The oils by Eric Velasquez are soft and lush, skillfully employing selective colors to convey the parched landscape of Ethiopia versus the greens and blues of the girl’s new home in America.

Evaluation: As long as an adult is available to fill in the gaps in the story, this book could be soothing to children who have had to leave their original homes. It also alerts kids in the U.S. that not all countries are as blessed in even the basics, like food and water.
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LibraryThing member mhilary
This book brought to tears to my eyes. It's a wonderful story that talks about the struggles of others, especially women, in undeveloped countries. Water is life and for some each day is a quest to find that life.
LibraryThing member Khammersla
When I first started this book I wasn’t sure that I was going to like it, I was mistaken. The first thing that drew me in about the book was the illustrations. They are all so vivid and clear. In one of the first pages the main character is looking at her reflection in a body of water and you can
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see all of the movement of the water. Also on another page the mom is crying and the tears running down her face are so prominent. The powerful message that these illustrations are able to evoke really help the reader to get the message of the book.
I also really liked how the book splits who the main character was both before and after she got adopted. It made her story clear and easy to follow. This also really helps the reader make a personal connection with the story because they are able to see where she came from and what her life was like before she was adopted and how great and happy she is with her new family when she becomes adopted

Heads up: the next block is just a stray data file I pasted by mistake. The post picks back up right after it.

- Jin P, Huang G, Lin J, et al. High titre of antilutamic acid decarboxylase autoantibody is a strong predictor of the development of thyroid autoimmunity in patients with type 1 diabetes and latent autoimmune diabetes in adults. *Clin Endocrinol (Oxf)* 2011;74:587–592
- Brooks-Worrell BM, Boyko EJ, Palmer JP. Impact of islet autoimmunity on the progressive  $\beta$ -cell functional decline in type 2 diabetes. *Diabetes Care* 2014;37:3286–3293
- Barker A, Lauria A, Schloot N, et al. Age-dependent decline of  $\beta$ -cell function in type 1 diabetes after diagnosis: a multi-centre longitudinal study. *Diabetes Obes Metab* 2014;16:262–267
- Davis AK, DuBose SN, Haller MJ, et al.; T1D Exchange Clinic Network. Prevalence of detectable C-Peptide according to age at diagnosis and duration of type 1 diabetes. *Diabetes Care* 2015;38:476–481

Another reason I really loved this book was because it gave the reader a lot of information about Ethiopia. It showed them how harder it is to live there and what the conditions really are. It showed the main character going to the watering hole with her mother and carrying the water on their heads. It also showed you the woven mattress that her an her mother how to sleep on. These key details that ere included really help to play on the emotions of the reader and help them connect to the story. The main idea was also very clear, that adoption can be beneficial and people are able become a part of a new family and flourish.
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LibraryThing member LBraaten
Awareness of the lack of water and hunger in other parts of the world. I like how it connects with the adoption theme.
LibraryThing member Sullywriter
A well-meaning story but one I find troubling for a couple of reasons. First, a mother has to give up her daughter for adoption because she cannot provide her with basic necessities. Perhaps it is a realistic scenario but couldn't the author come up with some sort of resolution that keeps the
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mother and daughter together? I guess I've grown tired of seeing stories where impoverished African children have to be "saved" with adoption by white westerners. This would be more palatable if the child were an orphan but she's not. Another problem I have is that once the child goes to her adoptive country she apparently has no further thoughts of the mother she left behind. That left me cold.
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0802723071 / 9780802723079